Rechristening themselves the Band, they signed to Capitol Records and released two classic albums, Music From Big Pink (1968) and The Band (1969). Although Robertson was the Band's principal songwriter, it was Helm's beautifully gruff and ornery voice that brought the Canadian Robertson's mythic Americana songs to life. He was also one of rock's earliest singing drummers.

In 1976, at Robertson's urging, the Band broke up after its farewell concert, known as "The Last Waltz." In meetings before the concert and as recounted in This Wheel's on Fire, Helm was adamantly opposed to the group disbanding. "I didn't want any part of it," he wrote. "I didn't want to break up the band." He begrudgingly went along, but his relationship with Robertson was never the same. After the show, Helm formed his own band, Levon Helm and the RCO All Stars, featuring fellow legends Dr. John, Steve Cropper, and Booker T. Jones, and recorded several solo albums.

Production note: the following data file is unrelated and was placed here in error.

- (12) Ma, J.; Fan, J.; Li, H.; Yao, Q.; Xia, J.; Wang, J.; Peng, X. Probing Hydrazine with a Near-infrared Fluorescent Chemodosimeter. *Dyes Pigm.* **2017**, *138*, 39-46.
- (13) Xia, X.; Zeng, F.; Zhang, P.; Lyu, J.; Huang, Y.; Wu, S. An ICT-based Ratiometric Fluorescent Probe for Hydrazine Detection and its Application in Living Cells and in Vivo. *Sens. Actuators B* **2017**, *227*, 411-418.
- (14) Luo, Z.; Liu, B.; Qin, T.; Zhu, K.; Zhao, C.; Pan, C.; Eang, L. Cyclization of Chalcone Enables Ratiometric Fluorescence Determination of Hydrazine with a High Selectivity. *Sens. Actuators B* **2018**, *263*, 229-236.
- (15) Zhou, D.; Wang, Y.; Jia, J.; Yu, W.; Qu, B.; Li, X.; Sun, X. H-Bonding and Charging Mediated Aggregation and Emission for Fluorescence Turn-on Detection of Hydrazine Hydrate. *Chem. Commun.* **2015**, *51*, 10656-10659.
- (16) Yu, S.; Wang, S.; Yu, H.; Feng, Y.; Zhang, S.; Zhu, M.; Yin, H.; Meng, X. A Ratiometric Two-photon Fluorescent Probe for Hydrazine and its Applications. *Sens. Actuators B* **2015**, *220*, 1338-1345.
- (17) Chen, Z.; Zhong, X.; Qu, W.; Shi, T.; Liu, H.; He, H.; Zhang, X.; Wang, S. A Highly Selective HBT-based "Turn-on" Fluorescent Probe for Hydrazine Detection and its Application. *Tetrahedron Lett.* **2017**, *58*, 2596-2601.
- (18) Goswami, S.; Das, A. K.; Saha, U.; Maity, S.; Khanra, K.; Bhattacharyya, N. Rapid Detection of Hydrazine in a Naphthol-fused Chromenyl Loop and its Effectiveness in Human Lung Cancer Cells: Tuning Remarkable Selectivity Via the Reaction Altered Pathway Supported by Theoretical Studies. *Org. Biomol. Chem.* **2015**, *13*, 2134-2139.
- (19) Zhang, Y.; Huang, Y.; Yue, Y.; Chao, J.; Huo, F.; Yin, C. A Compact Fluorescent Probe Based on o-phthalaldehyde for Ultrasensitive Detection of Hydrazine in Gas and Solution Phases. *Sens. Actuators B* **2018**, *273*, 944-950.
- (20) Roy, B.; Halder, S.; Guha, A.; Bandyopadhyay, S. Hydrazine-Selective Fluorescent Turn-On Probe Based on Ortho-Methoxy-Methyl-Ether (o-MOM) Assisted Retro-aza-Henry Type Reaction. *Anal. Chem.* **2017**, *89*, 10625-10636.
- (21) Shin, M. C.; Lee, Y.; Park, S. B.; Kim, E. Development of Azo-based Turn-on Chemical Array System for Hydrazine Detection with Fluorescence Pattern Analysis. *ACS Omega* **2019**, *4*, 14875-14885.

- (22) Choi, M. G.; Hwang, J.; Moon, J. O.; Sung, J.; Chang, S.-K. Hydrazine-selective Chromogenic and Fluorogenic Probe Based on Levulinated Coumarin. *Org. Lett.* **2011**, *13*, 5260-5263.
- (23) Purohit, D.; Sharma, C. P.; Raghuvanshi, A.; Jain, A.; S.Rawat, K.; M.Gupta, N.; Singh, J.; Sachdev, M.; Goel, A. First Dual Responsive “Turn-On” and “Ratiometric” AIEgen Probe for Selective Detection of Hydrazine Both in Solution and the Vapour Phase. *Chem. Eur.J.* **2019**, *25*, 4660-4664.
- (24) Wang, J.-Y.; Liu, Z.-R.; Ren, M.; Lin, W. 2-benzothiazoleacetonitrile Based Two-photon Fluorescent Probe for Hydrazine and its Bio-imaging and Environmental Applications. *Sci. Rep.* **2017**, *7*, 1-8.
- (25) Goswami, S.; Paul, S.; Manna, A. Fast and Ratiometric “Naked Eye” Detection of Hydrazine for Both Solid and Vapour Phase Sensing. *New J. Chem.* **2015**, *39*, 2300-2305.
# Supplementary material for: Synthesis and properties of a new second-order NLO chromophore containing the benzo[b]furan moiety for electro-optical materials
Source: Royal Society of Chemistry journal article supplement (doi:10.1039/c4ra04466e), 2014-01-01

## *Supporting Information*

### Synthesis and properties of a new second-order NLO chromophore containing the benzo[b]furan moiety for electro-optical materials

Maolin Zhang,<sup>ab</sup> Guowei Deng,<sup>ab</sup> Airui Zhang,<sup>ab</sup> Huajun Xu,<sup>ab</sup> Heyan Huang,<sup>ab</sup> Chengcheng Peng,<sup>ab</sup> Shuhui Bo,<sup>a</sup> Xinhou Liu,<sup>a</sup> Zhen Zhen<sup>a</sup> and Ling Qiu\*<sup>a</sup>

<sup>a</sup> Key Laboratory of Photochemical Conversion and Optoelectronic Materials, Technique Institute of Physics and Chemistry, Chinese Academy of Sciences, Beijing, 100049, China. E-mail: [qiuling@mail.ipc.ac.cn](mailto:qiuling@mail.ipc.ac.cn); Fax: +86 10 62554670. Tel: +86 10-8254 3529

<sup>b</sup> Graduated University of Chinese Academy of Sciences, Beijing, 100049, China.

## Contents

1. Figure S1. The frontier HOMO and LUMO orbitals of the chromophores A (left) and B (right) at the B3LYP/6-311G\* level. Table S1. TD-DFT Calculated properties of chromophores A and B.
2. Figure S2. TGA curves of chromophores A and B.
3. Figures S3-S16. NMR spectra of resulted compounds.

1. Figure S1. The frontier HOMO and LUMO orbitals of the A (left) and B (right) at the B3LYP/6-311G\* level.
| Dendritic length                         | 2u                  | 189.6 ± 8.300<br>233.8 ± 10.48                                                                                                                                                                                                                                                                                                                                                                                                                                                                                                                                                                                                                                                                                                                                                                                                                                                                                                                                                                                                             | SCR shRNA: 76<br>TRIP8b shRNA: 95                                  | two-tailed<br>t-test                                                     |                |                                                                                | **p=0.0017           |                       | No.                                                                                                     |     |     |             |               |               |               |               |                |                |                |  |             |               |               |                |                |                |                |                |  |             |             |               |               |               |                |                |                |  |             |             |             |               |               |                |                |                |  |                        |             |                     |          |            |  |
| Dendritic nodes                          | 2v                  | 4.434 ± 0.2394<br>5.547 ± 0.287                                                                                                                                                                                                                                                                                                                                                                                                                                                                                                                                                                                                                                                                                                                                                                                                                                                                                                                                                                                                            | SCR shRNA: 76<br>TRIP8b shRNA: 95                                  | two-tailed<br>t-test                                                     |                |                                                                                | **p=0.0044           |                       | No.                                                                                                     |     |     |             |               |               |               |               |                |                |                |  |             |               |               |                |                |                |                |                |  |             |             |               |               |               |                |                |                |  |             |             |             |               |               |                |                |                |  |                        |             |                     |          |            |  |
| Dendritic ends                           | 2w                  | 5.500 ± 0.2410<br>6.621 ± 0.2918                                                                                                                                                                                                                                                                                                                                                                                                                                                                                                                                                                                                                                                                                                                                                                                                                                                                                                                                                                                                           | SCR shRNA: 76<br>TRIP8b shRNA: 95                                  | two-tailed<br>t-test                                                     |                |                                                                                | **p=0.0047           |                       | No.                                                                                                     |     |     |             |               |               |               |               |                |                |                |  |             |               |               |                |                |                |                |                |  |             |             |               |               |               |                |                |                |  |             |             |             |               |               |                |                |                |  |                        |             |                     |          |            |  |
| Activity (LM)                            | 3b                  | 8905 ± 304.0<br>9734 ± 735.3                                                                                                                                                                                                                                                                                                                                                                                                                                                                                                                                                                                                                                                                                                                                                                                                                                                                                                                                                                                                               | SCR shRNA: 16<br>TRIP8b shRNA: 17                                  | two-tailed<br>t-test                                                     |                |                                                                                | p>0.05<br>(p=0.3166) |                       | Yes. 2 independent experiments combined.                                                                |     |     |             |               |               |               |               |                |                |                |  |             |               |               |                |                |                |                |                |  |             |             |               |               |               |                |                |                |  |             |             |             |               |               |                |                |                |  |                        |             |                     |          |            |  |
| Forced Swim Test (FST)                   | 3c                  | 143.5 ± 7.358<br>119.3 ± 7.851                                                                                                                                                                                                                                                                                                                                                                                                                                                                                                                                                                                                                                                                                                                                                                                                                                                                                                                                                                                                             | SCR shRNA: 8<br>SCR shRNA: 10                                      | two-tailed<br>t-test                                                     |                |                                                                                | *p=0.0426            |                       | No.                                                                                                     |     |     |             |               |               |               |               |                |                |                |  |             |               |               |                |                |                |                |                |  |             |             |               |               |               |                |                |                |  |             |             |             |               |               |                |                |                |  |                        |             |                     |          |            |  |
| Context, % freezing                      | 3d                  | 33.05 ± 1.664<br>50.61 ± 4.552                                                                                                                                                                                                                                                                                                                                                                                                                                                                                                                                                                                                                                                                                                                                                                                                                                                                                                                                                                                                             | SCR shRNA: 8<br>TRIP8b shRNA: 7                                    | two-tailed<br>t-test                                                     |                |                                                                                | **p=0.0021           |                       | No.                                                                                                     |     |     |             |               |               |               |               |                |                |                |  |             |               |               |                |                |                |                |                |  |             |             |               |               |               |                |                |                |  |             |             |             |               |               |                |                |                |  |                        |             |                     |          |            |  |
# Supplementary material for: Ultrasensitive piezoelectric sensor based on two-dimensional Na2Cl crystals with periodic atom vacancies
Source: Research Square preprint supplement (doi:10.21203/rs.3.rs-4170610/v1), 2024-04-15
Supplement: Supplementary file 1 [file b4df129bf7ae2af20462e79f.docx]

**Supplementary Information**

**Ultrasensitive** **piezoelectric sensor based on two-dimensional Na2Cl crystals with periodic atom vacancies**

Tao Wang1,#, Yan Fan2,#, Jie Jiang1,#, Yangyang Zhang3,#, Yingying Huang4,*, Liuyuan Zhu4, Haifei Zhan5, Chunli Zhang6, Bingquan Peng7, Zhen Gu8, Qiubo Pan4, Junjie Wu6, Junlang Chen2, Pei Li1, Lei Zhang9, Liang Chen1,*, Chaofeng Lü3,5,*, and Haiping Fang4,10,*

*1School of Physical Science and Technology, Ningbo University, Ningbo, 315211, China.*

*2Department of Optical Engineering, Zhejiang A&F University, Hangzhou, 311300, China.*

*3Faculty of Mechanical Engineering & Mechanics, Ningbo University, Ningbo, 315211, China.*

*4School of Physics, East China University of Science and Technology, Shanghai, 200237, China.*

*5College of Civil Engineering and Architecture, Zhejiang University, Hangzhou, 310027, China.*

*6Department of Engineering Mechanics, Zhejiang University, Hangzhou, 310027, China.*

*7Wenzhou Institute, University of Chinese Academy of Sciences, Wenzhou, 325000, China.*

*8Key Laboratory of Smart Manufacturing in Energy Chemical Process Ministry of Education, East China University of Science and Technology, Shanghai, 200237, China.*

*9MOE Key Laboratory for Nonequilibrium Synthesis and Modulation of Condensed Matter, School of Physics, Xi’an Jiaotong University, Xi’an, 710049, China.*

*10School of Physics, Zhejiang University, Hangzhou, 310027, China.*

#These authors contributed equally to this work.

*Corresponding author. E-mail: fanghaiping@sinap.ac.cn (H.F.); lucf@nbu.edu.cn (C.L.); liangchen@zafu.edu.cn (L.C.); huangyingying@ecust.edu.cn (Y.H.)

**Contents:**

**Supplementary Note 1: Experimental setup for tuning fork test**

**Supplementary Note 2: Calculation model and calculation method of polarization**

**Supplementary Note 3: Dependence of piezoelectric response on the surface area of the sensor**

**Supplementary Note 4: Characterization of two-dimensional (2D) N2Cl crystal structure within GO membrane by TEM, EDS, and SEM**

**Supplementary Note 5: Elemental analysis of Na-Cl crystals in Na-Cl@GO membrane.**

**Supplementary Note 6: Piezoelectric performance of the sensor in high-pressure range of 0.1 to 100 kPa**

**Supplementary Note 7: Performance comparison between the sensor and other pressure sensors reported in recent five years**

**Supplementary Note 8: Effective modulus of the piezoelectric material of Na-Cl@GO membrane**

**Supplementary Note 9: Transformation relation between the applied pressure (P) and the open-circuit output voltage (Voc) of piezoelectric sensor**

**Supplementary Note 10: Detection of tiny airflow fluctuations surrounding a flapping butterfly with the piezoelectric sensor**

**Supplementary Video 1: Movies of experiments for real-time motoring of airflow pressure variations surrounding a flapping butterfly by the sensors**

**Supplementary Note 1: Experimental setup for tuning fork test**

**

Helm also ventured into acting with an acclaimed role in 1980's Coal Miner's Daughter, playing Loretta Lynn (Sissy Spacek's) father. But he couldn't leave the Band behind, and with Danko, Manuel, and Hudson, he formed a new version of the Band in the early Eighties, recording three new studio albums with them.

The Band continued for a while after Manuel's suicide by hanging in 1986, but Danko's death in 1999 of heart failure ended the Band once and for all. By then, Helm was dealing with throat cancer. After his recovery, he began holding intimate concerts in his combination barn and studio in Woodstock, called the "Midnight Ramble," in part to pay his medical bills.